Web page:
|THE REAL REASONS FOR OLYMPICS AUTO GRATUITIES
Feb 19, 2010, 8:20pm
I think it's time to document a bit of clarity on the real reasons so many downtown restaurants are going to a full on auto gratuity policy during the Olympics. I also wish the mainstream media would do a bit more investigative work into this - because it's not entirely pretty, and in some cases, pretty shocking.
A Caveat: I fully acknowledge my assumed gross numbers may be way off in the following numbers. I present them as assumed numbers to round out the income scenarios - and to be honest, the assumed numbers don't matter much. It is the percentages, the percentages on house take, and the increases in house take that matter, and I'm pretty confident the percentages and Olympic seating increases are pretty accurate. end caveat.
First, let me set up a typical tip-pool scenerio for two types of restaurants - the busy chain restobar in Yaletown or Robson area, and the smaller, indie style casual-fine dining type place. I am also trying very hard to err in favour of the restaurant's numbers - ie I went with numbers that are maybe optimistic pre Olympics, and pessimistic during Olympics - this does not help my argument - it hinders it, but as you'll see....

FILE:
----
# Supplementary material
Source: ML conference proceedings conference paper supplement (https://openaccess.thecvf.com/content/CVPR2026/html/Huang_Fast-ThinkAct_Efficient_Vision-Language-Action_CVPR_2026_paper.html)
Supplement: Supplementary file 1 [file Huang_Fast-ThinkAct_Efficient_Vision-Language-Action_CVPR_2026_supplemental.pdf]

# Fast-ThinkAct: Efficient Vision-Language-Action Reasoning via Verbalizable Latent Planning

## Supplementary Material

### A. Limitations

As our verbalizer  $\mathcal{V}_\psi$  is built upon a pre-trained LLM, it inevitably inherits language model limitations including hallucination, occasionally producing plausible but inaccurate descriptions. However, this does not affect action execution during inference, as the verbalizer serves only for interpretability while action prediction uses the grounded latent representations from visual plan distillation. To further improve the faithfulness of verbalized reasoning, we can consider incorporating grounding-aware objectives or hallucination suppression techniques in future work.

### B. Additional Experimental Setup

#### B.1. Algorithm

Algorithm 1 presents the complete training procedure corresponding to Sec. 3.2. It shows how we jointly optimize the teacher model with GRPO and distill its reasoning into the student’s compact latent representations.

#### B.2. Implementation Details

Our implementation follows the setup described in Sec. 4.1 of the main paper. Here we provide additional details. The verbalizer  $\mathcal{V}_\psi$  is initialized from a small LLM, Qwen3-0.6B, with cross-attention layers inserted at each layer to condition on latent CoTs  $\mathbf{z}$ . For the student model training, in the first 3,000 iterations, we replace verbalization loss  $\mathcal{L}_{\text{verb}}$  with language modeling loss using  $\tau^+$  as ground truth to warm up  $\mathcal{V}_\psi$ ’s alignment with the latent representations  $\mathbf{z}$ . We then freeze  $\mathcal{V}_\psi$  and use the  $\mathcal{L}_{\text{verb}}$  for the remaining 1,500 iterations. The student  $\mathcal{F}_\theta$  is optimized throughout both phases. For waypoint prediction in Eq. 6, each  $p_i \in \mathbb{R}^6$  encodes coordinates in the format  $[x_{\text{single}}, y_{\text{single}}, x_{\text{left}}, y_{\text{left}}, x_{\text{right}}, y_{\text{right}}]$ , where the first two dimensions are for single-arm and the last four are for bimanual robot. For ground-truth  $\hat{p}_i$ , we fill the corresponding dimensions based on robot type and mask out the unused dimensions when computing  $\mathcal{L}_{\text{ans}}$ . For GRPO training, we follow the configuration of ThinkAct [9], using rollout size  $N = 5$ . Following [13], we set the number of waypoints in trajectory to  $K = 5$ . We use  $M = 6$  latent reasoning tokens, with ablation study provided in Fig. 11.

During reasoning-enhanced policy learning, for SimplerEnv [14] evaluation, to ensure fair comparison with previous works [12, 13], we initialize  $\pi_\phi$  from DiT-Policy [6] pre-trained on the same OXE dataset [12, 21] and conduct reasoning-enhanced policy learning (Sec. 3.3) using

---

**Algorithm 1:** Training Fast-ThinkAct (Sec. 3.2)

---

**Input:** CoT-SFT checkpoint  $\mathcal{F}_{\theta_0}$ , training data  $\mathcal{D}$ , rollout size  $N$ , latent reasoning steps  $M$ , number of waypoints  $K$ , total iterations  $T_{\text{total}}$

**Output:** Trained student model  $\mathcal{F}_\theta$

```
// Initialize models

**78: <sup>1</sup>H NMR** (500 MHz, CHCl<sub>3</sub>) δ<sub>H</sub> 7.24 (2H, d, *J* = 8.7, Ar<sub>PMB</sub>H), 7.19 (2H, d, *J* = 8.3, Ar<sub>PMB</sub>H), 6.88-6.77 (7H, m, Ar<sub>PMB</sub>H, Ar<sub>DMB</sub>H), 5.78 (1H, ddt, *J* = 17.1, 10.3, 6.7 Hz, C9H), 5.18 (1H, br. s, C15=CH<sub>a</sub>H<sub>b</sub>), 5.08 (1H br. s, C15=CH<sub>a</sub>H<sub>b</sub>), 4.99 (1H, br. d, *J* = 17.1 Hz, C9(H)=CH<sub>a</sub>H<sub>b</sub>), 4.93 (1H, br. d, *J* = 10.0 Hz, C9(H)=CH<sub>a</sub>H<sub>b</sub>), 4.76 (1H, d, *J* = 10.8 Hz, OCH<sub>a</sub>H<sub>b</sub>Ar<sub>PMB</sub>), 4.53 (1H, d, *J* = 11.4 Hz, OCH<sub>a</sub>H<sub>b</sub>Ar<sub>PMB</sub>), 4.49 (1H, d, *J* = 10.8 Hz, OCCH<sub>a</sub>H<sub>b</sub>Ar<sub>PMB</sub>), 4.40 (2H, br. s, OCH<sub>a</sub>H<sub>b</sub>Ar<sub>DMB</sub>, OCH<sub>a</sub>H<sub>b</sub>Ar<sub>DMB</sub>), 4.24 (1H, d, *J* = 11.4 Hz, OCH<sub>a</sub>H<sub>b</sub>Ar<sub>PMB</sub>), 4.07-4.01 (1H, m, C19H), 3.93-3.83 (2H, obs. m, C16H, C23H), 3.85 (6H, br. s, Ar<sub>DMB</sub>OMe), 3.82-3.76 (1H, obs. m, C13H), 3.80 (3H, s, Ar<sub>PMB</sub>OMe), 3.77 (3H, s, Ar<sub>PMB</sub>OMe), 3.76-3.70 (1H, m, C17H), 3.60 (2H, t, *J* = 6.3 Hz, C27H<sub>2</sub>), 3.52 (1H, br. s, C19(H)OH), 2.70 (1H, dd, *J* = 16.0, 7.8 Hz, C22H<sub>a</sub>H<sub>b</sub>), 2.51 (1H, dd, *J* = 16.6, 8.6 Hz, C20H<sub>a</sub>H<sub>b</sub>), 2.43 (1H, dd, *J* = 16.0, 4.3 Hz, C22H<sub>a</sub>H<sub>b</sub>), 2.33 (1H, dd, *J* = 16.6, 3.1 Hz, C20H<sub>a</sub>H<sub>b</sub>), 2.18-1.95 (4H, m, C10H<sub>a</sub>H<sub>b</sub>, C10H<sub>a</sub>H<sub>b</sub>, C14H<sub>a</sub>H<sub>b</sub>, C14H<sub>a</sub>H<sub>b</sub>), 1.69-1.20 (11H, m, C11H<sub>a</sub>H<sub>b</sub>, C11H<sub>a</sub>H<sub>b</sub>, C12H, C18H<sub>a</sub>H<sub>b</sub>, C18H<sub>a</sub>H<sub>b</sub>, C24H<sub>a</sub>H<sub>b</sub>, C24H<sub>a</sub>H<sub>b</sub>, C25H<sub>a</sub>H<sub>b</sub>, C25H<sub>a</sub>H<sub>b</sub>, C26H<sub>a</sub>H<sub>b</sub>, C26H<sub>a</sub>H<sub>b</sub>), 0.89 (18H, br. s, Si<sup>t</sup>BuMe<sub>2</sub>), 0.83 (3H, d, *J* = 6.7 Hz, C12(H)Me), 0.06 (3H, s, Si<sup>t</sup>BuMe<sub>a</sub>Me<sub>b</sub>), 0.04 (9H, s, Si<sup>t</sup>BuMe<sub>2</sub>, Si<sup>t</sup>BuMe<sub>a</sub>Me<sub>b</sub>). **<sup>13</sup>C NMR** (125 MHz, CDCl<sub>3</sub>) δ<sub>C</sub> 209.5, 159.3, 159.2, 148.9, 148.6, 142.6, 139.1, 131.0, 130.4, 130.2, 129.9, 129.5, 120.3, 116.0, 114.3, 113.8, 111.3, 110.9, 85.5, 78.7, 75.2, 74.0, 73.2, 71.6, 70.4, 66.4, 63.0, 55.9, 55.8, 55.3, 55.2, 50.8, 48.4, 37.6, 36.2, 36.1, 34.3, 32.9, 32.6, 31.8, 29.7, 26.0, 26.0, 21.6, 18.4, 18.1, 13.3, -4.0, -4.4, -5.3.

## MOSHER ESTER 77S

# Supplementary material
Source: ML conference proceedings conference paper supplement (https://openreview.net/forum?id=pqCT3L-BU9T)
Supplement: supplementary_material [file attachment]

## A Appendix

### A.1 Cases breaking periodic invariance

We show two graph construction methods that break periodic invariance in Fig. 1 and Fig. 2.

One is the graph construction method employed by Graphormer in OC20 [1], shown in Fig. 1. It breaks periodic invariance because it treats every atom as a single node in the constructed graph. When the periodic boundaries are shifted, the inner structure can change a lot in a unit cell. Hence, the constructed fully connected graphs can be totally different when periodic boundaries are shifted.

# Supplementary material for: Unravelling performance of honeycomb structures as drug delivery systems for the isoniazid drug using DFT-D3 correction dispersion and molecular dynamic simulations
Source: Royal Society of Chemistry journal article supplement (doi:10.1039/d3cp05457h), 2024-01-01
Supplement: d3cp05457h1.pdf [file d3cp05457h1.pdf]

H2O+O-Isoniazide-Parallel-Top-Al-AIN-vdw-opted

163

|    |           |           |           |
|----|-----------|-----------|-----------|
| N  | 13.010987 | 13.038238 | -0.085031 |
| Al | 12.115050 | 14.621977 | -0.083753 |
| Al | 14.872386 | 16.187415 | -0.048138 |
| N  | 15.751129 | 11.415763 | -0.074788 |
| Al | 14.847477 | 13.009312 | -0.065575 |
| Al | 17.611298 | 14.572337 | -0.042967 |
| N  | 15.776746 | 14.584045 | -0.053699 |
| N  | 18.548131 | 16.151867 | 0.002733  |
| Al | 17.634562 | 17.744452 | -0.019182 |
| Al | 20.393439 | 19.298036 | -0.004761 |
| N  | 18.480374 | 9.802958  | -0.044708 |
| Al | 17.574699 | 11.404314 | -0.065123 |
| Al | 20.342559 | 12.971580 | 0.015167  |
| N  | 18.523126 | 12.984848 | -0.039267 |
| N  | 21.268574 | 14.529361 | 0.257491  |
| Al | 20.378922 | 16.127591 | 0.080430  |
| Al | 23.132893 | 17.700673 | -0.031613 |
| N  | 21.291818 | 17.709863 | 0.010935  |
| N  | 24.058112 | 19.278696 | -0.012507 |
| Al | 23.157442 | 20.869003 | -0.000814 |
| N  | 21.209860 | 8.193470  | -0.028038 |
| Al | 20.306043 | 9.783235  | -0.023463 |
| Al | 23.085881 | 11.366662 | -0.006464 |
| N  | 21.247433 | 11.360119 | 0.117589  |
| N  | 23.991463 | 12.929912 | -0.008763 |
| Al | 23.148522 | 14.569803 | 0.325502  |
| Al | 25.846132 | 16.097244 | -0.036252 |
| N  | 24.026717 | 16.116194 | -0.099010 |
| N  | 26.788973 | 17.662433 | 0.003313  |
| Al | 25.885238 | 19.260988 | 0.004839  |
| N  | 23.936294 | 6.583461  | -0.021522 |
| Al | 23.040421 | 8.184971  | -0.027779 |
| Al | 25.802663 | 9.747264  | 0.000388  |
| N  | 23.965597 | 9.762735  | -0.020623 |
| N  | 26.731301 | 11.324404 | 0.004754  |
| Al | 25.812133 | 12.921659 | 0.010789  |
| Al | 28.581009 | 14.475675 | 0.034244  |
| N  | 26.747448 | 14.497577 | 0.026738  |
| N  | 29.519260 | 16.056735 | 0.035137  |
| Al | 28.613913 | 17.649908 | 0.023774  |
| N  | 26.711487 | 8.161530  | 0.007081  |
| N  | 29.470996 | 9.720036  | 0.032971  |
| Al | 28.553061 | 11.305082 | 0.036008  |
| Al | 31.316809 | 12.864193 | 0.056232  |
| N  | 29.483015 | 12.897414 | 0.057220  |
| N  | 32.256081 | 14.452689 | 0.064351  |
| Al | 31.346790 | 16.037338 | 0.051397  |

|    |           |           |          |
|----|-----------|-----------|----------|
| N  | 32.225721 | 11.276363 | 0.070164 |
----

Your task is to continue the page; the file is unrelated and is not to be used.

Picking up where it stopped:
Big Chain Casual Dining Restaurant with Heavy Bar Sales
- assume 150 seats spread across 50 tables, plus 30 bar seats
- assume average server has 5 tables, turned over twice during regular season, 3 times during Olympics
- assume bar turnover is 3x during regular times, 4x during Olympics
- average sales per seat per seating is $50 for food, $30 for bar regular season, $60 for food, $35 for bar Olympics.
Even if these numbers are optimistic, the balance between regular times vs Olympic times is quite low - word is many Yaletown restaurants are doing at least three covers solid per seat per shift during the Olympics, and pre Olympics was 1.5 covers per seat (accounting for empty tables)
So before the Olympics, assuming the 18% gratuity (that restaurants are trying to enforce now during the Olympics), here's how the numbers break down: 1 server x 15 seats x 1.5 covers x $50 per seat = $1,125 sales take per shift per server. 18% gratuity on that is $202.50 in tips generated.
During the Olympics, here's how two numbers factor out - one with enforced gratuity, and one with overall gratuities dropping from 18% to 10% (accounting for many Euro, Australian travelers tipping lower / not tipping at all compared to Canadians, Americans tipping as per usual).
Enforced automatic gratuity scenerio: 1 server x 15 seats x 3 covers x $60 per seat = $2,700 sales take per shift per server. 18% enforced gratuity means $486 in tips generated.
Voluntary gratuity scenario: 1 server x 15 seats x 3 covers x $60 per seat = $2,700 in sales. 10% average gratuity means $270 take in tips - higher than pre Olympics take by $67.50.